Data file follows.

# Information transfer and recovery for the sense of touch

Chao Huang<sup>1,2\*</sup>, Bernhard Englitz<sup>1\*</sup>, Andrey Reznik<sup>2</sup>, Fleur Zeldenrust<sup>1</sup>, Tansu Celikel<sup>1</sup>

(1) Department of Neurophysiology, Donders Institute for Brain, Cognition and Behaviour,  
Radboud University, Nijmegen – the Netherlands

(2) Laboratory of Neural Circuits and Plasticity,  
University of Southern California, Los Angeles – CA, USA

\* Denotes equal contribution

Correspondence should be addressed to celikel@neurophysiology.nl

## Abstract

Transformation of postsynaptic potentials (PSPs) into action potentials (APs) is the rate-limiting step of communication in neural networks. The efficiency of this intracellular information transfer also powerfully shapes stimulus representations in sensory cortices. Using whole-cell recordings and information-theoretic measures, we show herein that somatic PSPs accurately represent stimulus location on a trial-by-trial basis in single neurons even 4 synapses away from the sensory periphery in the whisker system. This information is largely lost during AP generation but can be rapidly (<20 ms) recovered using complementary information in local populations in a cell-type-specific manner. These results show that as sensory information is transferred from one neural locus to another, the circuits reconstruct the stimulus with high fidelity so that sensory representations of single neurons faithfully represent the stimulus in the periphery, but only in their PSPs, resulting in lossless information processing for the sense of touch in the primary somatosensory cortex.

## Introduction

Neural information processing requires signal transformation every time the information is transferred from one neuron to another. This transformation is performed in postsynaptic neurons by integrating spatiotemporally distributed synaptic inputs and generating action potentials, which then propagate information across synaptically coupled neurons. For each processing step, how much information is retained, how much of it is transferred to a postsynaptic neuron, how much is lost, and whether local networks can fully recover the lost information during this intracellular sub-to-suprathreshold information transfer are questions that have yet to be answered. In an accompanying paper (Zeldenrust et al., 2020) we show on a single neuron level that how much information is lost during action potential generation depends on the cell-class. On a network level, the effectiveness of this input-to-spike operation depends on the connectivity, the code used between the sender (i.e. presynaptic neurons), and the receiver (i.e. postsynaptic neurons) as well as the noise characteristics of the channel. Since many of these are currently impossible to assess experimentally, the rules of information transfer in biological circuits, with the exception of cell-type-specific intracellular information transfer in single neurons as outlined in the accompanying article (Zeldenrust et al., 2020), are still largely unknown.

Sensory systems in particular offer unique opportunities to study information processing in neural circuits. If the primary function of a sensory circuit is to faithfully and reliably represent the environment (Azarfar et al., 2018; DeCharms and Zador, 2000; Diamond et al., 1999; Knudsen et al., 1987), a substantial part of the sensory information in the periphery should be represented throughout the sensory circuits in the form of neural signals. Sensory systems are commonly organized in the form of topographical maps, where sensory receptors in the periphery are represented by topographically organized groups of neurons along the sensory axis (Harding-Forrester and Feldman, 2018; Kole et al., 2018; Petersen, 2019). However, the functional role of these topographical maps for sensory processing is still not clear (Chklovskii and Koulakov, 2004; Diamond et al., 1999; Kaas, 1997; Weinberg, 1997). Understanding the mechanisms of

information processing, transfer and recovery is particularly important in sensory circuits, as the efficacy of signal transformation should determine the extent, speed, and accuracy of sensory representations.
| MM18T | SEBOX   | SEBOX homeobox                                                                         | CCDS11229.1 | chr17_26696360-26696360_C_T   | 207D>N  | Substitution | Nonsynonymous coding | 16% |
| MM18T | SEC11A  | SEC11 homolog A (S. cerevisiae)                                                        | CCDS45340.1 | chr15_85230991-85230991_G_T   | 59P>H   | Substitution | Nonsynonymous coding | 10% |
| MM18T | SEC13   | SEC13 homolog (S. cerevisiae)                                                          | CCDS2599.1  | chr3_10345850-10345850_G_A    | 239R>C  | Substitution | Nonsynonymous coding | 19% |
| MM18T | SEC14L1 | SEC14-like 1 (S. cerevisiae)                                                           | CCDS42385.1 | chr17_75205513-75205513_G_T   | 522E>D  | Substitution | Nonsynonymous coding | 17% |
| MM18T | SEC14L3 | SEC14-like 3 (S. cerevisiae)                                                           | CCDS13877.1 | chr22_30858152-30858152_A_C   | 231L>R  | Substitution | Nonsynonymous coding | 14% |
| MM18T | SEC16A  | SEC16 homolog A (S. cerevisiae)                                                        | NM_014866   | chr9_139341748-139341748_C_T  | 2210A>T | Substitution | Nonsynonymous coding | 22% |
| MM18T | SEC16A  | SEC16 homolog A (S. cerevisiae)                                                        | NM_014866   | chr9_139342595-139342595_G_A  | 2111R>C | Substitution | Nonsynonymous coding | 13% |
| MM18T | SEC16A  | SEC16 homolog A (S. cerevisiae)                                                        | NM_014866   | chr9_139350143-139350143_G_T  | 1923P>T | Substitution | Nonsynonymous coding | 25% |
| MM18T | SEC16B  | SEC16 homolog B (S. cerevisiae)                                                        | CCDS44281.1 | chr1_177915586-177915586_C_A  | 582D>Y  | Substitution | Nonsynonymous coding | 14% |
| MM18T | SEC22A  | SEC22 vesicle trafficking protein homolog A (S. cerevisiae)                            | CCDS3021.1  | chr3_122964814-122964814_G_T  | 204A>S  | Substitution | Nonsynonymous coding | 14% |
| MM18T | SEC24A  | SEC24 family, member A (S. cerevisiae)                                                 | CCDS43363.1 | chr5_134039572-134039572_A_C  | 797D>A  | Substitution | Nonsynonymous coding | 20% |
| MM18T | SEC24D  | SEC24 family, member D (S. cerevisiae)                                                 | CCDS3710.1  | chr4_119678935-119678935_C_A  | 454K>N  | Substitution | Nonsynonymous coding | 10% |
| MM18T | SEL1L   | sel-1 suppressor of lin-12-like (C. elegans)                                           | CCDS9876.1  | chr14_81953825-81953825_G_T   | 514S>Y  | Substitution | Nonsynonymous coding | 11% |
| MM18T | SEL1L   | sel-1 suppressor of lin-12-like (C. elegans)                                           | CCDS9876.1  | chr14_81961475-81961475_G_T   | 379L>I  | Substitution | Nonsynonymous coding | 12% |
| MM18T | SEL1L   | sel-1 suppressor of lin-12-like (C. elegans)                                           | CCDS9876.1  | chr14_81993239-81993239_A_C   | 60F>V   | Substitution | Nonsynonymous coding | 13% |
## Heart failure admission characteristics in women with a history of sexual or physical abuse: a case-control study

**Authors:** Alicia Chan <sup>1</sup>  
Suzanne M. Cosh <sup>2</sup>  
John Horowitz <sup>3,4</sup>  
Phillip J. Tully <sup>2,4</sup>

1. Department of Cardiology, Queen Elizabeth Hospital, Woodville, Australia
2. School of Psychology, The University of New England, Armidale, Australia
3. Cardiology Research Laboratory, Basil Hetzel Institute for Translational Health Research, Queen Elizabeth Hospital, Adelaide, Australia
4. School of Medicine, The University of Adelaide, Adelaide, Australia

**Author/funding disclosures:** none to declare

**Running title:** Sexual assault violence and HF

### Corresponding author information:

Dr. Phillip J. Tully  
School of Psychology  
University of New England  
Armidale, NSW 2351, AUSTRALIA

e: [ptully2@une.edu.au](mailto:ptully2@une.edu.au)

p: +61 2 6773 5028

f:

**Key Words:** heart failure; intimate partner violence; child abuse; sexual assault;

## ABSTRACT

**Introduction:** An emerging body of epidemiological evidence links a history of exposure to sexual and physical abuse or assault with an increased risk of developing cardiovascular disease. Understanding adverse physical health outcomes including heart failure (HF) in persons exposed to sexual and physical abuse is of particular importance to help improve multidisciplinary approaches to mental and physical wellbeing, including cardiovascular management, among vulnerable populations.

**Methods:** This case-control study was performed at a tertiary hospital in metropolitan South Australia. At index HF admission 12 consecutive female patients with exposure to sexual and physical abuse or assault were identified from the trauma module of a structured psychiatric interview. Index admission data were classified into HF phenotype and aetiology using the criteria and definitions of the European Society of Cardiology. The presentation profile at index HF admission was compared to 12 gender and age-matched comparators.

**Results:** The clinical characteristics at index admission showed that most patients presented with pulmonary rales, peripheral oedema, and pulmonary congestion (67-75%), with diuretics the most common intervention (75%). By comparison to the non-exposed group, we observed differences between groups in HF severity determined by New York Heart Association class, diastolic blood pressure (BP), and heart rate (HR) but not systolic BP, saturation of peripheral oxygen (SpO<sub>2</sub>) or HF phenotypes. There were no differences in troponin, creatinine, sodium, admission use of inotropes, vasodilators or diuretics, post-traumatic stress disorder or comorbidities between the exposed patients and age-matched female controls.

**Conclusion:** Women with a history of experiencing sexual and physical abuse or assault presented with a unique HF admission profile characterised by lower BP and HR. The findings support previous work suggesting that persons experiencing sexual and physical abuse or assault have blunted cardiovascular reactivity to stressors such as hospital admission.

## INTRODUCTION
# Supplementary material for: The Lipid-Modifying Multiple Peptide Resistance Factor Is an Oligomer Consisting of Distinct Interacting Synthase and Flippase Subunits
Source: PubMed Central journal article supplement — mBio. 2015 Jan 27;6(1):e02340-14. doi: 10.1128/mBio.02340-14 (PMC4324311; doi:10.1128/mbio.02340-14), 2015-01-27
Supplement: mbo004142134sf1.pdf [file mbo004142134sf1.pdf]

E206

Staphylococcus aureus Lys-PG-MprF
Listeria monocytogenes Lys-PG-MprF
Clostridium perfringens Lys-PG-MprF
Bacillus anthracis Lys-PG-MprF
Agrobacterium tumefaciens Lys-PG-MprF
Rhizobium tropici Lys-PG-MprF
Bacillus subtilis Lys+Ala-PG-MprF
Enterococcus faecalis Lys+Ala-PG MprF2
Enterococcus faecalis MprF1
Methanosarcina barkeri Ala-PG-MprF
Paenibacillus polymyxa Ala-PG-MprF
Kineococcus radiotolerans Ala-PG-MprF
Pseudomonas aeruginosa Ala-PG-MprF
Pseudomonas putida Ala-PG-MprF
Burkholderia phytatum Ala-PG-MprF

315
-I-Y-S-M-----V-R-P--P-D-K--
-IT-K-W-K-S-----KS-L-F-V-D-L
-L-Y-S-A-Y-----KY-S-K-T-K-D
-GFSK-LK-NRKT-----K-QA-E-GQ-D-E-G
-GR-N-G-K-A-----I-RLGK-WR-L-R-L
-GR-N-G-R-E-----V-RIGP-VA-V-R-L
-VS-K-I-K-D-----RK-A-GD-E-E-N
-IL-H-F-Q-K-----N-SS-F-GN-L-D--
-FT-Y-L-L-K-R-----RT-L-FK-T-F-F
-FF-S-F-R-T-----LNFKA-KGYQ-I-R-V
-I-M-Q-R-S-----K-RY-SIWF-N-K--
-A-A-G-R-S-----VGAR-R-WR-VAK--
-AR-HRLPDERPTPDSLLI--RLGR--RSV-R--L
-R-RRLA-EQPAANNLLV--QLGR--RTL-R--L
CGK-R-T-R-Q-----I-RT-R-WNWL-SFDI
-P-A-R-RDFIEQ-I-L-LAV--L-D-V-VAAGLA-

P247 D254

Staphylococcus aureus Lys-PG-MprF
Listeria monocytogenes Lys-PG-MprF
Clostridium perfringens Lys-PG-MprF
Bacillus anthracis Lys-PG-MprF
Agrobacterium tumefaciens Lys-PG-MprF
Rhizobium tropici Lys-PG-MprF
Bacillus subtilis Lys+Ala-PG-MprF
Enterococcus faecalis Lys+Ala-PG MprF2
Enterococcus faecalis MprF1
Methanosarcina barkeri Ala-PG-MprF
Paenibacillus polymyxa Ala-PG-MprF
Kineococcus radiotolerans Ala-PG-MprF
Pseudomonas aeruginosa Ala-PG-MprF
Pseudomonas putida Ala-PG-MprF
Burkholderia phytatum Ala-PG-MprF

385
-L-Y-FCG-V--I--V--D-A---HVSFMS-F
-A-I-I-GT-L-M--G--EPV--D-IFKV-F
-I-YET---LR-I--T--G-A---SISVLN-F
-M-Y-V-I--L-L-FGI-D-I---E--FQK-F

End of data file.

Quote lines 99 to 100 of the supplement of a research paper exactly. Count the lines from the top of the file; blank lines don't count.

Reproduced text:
Bacillus subtilis Lys+Ala-PG-MprF
Enterococcus faecalis Lys+Ala-PG MprF2